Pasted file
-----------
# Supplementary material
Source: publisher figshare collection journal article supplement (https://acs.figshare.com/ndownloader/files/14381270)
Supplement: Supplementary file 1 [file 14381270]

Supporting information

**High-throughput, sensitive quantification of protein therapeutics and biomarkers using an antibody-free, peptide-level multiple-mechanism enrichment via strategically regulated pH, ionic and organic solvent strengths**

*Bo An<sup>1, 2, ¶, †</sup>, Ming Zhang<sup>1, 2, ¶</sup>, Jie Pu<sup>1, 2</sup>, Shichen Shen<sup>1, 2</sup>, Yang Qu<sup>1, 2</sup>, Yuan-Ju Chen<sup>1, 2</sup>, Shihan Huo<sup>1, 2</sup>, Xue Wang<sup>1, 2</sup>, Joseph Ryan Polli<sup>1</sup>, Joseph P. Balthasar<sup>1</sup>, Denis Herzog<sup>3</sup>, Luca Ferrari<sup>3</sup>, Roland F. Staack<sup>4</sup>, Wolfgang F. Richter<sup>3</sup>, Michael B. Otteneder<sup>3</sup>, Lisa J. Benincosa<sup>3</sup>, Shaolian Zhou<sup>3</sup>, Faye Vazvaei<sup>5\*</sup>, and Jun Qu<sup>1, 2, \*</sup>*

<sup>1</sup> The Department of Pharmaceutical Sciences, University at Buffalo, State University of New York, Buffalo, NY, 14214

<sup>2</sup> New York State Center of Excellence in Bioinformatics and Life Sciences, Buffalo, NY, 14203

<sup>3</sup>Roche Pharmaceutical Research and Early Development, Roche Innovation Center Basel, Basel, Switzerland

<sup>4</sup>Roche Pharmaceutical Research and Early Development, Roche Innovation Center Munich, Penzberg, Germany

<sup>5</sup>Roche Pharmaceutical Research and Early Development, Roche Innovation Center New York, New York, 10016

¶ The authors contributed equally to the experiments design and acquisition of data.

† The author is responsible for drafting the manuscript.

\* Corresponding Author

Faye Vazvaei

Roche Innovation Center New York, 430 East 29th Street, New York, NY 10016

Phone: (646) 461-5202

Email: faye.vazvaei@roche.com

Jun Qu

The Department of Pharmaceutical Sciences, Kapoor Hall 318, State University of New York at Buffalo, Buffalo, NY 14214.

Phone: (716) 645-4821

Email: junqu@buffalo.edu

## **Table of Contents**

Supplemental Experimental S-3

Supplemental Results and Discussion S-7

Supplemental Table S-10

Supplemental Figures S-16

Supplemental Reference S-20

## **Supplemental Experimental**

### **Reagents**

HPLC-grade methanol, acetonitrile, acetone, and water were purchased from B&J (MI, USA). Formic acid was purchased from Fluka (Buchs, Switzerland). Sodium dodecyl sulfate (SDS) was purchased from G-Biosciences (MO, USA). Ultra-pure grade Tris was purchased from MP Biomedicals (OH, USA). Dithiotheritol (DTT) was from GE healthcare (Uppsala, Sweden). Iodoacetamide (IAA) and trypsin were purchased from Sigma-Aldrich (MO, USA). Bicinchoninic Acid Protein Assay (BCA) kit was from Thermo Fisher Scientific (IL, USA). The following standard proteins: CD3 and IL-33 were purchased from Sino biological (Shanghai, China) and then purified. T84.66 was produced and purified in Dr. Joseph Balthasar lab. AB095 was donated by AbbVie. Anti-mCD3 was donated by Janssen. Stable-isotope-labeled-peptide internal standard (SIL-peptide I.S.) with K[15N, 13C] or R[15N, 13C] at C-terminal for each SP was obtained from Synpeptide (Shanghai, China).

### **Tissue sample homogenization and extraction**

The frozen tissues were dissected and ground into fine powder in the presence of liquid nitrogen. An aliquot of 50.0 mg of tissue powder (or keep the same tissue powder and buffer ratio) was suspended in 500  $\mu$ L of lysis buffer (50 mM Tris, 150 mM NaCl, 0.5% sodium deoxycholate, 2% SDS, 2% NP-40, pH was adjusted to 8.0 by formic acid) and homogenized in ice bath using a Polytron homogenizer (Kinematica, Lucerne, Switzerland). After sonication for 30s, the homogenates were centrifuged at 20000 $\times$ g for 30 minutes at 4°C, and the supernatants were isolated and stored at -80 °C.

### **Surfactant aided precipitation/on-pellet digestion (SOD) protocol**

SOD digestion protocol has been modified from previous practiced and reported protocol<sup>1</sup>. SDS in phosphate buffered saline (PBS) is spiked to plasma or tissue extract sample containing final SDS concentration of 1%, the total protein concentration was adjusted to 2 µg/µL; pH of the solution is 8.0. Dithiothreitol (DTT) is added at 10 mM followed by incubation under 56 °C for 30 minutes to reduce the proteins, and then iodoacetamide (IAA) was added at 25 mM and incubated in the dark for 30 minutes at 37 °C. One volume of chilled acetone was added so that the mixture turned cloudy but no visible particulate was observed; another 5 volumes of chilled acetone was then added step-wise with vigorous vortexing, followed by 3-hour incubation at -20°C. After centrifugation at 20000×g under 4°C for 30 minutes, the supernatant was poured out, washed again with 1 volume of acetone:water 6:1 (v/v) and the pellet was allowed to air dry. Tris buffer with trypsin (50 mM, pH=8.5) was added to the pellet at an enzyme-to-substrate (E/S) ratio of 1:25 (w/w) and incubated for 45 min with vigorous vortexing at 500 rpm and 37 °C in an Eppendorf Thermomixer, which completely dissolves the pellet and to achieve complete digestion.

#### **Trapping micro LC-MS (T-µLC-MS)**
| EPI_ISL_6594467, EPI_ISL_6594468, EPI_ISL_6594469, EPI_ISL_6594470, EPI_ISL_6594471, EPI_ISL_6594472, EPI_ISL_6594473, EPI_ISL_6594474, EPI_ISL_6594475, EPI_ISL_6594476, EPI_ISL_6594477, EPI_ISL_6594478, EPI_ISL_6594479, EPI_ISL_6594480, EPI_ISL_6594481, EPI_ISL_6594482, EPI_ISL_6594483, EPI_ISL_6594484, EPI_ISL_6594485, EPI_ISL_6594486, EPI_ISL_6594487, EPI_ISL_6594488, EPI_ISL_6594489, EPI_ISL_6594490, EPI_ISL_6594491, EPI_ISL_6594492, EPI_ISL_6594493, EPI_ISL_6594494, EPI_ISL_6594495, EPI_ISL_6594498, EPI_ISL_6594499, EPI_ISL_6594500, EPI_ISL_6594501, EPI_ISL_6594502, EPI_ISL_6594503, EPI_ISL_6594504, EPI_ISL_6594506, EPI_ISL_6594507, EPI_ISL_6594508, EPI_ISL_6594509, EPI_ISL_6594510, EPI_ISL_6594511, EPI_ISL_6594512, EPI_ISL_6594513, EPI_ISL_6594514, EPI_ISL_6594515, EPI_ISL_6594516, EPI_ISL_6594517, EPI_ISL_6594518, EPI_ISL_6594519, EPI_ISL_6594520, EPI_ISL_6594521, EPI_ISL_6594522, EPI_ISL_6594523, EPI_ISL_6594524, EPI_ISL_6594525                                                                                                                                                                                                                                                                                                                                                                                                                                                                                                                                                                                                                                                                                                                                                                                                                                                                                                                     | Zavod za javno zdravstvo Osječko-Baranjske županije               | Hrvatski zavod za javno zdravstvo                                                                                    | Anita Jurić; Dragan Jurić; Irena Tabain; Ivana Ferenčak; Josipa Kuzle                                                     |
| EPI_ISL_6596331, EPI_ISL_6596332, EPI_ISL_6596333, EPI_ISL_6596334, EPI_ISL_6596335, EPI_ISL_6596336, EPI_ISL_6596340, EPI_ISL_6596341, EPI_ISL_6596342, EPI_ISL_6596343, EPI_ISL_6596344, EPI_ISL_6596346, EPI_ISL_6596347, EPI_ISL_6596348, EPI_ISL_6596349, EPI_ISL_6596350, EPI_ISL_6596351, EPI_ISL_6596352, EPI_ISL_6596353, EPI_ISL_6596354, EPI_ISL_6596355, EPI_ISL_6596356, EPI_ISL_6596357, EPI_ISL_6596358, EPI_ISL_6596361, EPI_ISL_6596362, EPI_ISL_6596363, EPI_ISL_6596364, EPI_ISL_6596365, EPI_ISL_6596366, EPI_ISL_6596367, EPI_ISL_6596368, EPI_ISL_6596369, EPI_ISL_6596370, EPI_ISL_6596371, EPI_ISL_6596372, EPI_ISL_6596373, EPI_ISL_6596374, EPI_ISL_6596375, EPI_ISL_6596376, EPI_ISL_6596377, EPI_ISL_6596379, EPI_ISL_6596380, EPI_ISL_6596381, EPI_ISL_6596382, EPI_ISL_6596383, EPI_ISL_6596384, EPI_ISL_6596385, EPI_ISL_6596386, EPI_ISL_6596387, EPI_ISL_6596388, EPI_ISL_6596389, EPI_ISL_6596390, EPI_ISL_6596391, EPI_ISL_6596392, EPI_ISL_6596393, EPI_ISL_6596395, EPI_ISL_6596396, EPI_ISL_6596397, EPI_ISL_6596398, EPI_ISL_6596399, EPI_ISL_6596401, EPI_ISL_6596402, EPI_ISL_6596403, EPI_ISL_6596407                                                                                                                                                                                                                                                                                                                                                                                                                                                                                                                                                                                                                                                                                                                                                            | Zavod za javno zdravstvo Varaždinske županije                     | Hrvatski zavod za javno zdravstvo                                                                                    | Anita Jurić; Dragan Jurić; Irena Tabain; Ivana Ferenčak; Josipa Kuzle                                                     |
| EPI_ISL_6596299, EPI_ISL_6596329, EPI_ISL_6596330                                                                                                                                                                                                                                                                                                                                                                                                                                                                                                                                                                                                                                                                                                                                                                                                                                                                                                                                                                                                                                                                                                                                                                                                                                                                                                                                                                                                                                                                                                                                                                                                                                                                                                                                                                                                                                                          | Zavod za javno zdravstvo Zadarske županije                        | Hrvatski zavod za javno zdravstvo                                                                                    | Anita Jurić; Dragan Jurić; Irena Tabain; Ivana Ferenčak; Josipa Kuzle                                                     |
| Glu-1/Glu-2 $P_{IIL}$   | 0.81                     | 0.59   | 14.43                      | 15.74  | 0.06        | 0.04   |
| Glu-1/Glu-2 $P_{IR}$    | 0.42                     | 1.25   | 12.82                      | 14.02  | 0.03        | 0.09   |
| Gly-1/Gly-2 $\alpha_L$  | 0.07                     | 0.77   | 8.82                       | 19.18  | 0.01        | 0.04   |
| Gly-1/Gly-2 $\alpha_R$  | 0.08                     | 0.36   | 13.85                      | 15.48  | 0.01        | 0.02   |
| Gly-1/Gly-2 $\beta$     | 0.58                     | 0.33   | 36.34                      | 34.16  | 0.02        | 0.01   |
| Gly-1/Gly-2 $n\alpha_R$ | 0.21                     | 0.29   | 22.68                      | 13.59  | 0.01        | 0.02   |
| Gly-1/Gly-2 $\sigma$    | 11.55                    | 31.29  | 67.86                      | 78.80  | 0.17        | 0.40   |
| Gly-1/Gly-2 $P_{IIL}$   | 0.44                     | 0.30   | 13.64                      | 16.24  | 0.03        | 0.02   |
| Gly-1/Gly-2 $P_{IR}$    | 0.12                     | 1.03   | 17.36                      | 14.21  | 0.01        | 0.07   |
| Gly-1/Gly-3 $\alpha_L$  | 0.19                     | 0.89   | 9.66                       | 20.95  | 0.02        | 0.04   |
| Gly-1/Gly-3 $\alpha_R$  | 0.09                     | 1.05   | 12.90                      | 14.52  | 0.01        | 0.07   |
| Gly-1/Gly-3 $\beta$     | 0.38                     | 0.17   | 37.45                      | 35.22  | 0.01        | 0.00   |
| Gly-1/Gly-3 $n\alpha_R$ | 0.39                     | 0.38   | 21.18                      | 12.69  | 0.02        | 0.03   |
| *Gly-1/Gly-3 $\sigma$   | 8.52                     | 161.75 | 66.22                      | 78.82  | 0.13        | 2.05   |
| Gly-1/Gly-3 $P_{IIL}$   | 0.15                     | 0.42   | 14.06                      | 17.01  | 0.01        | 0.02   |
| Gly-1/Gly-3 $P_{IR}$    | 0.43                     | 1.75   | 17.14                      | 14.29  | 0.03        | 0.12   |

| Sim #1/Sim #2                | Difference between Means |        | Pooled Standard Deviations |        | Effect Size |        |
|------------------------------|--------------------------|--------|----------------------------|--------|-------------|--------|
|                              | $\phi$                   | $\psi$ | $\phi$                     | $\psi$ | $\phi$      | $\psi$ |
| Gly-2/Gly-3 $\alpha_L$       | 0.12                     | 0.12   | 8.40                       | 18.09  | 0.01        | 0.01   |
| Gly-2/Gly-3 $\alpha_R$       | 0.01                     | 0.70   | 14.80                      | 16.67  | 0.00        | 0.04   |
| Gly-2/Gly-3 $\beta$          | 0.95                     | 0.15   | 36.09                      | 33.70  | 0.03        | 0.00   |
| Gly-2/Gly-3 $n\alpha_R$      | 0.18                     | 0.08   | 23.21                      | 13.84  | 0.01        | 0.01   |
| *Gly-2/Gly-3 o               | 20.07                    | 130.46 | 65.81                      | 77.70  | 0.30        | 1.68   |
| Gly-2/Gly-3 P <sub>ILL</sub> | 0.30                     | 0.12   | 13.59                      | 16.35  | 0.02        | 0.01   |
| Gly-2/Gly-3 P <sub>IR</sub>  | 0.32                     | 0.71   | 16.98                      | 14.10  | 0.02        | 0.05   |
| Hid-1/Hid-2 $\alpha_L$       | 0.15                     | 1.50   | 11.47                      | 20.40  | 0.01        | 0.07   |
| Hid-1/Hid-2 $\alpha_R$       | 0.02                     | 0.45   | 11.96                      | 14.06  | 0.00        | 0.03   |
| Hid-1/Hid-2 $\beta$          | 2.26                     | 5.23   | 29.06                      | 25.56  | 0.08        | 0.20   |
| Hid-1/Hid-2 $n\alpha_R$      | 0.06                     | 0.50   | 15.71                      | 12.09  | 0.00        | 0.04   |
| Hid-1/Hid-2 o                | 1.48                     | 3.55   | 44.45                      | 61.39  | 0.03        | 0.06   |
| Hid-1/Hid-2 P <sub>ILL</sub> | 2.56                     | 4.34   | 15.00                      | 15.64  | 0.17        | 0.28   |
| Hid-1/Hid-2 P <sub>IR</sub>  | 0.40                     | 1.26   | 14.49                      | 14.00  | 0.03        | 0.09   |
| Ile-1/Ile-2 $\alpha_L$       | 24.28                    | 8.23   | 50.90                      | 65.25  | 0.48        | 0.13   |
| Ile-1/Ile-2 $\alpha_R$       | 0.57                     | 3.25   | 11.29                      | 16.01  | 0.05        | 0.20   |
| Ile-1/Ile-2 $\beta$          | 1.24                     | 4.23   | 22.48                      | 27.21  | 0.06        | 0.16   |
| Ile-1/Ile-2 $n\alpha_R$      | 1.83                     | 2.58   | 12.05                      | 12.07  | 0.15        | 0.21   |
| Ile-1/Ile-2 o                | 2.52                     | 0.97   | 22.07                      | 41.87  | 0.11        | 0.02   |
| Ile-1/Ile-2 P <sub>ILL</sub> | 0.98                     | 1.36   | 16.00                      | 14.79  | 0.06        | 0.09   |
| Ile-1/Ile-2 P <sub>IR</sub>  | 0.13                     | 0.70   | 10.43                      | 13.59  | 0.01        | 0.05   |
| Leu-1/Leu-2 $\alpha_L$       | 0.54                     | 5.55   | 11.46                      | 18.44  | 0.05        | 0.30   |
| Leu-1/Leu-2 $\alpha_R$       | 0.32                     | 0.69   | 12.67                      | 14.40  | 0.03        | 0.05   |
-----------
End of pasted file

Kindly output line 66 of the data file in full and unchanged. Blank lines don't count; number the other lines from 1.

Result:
| Hid-1/Hid-2 $\alpha_L$       | 0.15                     | 1.50   | 11.47                      | 20.40  | 0.01        | 0.07   |